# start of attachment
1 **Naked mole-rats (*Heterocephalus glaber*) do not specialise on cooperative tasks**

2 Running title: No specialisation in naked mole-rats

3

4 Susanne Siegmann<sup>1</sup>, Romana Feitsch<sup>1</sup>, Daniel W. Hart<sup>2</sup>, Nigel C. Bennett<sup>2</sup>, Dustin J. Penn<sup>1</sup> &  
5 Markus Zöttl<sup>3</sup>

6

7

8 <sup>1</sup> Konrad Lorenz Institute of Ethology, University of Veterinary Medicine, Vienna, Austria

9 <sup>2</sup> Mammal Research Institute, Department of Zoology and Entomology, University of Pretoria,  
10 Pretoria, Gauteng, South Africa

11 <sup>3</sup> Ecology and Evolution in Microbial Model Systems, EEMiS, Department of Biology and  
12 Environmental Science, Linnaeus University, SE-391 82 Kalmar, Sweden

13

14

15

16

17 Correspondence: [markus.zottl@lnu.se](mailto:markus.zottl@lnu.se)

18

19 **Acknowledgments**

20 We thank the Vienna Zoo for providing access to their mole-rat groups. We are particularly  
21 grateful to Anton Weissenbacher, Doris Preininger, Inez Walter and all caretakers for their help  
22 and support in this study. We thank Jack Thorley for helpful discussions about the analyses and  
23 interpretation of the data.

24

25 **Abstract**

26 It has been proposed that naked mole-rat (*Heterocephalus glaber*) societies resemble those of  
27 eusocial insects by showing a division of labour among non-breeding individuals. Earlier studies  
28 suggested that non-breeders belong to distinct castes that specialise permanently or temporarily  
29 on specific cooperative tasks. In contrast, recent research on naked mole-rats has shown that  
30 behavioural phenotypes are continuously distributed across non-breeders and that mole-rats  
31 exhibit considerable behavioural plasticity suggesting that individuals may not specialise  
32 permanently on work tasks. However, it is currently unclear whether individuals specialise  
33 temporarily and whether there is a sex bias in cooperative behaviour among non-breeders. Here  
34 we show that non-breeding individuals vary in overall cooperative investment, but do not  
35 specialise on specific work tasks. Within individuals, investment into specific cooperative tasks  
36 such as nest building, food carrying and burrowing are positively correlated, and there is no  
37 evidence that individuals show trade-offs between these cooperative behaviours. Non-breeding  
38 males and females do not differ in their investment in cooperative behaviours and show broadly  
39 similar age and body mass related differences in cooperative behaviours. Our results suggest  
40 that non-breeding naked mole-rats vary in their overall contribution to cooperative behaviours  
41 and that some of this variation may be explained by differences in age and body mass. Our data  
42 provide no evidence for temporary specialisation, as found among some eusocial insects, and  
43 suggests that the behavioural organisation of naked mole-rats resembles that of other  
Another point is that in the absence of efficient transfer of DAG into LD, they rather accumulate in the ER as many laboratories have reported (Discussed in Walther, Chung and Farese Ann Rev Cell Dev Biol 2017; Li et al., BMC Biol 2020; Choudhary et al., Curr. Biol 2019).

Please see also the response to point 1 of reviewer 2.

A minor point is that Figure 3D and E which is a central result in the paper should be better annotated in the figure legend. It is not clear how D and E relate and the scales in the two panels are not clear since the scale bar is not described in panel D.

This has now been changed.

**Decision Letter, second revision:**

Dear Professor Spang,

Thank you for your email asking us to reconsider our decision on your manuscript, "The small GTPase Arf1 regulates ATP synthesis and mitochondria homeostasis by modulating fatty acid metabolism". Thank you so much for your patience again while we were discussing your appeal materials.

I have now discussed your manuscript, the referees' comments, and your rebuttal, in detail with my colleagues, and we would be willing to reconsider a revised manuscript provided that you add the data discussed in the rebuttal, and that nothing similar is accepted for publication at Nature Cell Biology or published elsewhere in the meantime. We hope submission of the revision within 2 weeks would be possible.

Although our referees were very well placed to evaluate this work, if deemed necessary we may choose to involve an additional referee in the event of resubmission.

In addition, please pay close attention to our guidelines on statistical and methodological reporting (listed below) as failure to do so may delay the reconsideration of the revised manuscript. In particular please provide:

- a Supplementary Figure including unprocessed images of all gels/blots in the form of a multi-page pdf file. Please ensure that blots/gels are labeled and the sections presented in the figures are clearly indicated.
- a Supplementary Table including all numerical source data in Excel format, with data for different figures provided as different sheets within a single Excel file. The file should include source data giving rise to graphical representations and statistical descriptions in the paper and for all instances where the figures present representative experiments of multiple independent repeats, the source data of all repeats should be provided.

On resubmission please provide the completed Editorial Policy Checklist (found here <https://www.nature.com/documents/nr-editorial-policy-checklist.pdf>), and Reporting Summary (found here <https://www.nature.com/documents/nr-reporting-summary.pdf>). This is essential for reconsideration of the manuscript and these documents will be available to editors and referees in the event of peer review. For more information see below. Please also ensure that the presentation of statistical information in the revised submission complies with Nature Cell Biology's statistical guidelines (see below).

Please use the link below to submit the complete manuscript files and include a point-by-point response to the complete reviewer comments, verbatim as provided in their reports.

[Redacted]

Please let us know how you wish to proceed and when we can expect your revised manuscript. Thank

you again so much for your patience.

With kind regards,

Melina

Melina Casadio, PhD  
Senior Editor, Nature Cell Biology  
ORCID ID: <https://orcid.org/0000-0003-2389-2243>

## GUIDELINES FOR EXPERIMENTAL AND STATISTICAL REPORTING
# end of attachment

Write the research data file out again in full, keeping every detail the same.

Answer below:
1 **Naked mole-rats (*Heterocephalus glaber*) do not specialise on cooperative tasks**

2 Running title: No specialisation in naked mole-rats

3

4 Susanne Siegmann<sup>1</sup>, Romana Feitsch<sup>1</sup>, Daniel W. Hart<sup>2</sup>, Nigel C. Bennett<sup>2</sup>, Dustin J. Penn<sup>1</sup> &  
5 Markus Zöttl<sup>3</sup>

6

7

8 <sup>1</sup> Konrad Lorenz Institute of Ethology, University of Veterinary Medicine, Vienna, Austria

9 <sup>2</sup> Mammal Research Institute, Department of Zoology and Entomology, University of Pretoria,  
10 Pretoria, Gauteng, South Africa

11 <sup>3</sup> Ecology and Evolution in Microbial Model Systems, EEMiS, Department of Biology and  
12 Environmental Science, Linnaeus University, SE-391 82 Kalmar, Sweden

13

14

15

16

17 Correspondence: [markus.zottl@lnu.se](mailto:markus.zottl@lnu.se)

18

19 **Acknowledgments**

20 We thank the Vienna Zoo for providing access to their mole-rat groups. We are particularly  
21 grateful to Anton Weissenbacher, Doris Preininger, Inez Walter and all caretakers for their help  
22 and support in this study. We thank Jack Thorley for helpful discussions about the analyses and  
23 interpretation of the data.

24

25 **Abstract**

26 It has been proposed that naked mole-rat (*Heterocephalus glaber*) societies resemble those of  
27 eusocial insects by showing a division of labour among non-breeding individuals. Earlier studies  
28 suggested that non-breeders belong to distinct castes that specialise permanently or temporarily  
29 on specific cooperative tasks. In contrast, recent research on naked mole-rats has shown that  
30 behavioural phenotypes are continuously distributed across non-breeders and that mole-rats  
31 exhibit considerable behavioural plasticity suggesting that individuals may not specialise  
32 permanently on work tasks. However, it is currently unclear whether individuals specialise  
33 temporarily and whether there is a sex bias in cooperative behaviour among non-breeders. Here  
34 we show that non-breeding individuals vary in overall cooperative investment, but do not  
35 specialise on specific work tasks. Within individuals, investment into specific cooperative tasks  
36 such as nest building, food carrying and burrowing are positively correlated, and there is no  
37 evidence that individuals show trade-offs between these cooperative behaviours. Non-breeding  
38 males and females do not differ in their investment in cooperative behaviours and show broadly  
39 similar age and body mass related differences in cooperative behaviours. Our results suggest  
40 that non-breeding naked mole-rats vary in their overall contribution to cooperative behaviours  
41 and that some of this variation may be explained by differences in age and body mass. Our data  
42 provide no evidence for temporary specialisation, as found among some eusocial insects, and  
43 suggests that the behavioural organisation of naked mole-rats resembles that of other  
Another point is that in the absence of efficient transfer of DAG into LD, they rather accumulate in the ER as many laboratories have reported (Discussed in Walther, Chung and Farese Ann Rev Cell Dev Biol 2017; Li et al., BMC Biol 2020; Choudhary et al., Curr. Biol 2019).

Please see also the response to point 1 of reviewer 2.

A minor point is that Figure 3D and E which is a central result in the paper should be better annotated in the figure legend. It is not clear how D and E relate and the scales in the two panels are not clear since the scale bar is not described in panel D.

This has now been changed.

**Decision Letter, second revision:**

Dear Professor Spang,

Thank you for your email asking us to reconsider our decision on your manuscript, "The small GTPase Arf1 regulates ATP synthesis and mitochondria homeostasis by modulating fatty acid metabolism". Thank you so much for your patience again while we were discussing your appeal materials.

I have now discussed your manuscript, the referees' comments, and your rebuttal, in detail with my colleagues, and we would be willing to reconsider a revised manuscript provided that you add the data discussed in the rebuttal, and that nothing similar is accepted for publication at Nature Cell Biology or published elsewhere in the meantime. We hope submission of the revision within 2 weeks would be possible.

Although our referees were very well placed to evaluate this work, if deemed necessary we may choose to involve an additional referee in the event of resubmission.

In addition, please pay close attention to our guidelines on statistical and methodological reporting (listed below) as failure to do so may delay the reconsideration of the revised manuscript. In particular please provide:

- a Supplementary Figure including unprocessed images of all gels/blots in the form of a multi-page pdf file. Please ensure that blots/gels are labeled and the sections presented in the figures are clearly indicated.
- a Supplementary Table including all numerical source data in Excel format, with data for different figures provided as different sheets within a single Excel file. The file should include source data giving rise to graphical representations and statistical descriptions in the paper and for all instances where the figures present representative experiments of multiple independent repeats, the source data of all repeats should be provided.

On resubmission please provide the completed Editorial Policy Checklist (found here <https://www.nature.com/documents/nr-editorial-policy-checklist.pdf>), and Reporting Summary (found here <https://www.nature.com/documents/nr-reporting-summary.pdf>). This is essential for reconsideration of the manuscript and these documents will be available to editors and referees in the event of peer review. For more information see below. Please also ensure that the presentation of statistical information in the revised submission complies with Nature Cell Biology's statistical guidelines (see below).

Please use the link below to submit the complete manuscript files and include a point-by-point response to the complete reviewer comments, verbatim as provided in their reports.

[Redacted]

Please let us know how you wish to proceed and when we can expect your revised manuscript. Thank

you again so much for your patience.

With kind regards,

Melina

Melina Casadio, PhD  
Senior Editor, Nature Cell Biology  
ORCID ID: <https://orcid.org/0000-0003-2389-2243>

## GUIDELINES FOR EXPERIMENTAL AND STATISTICAL REPORTING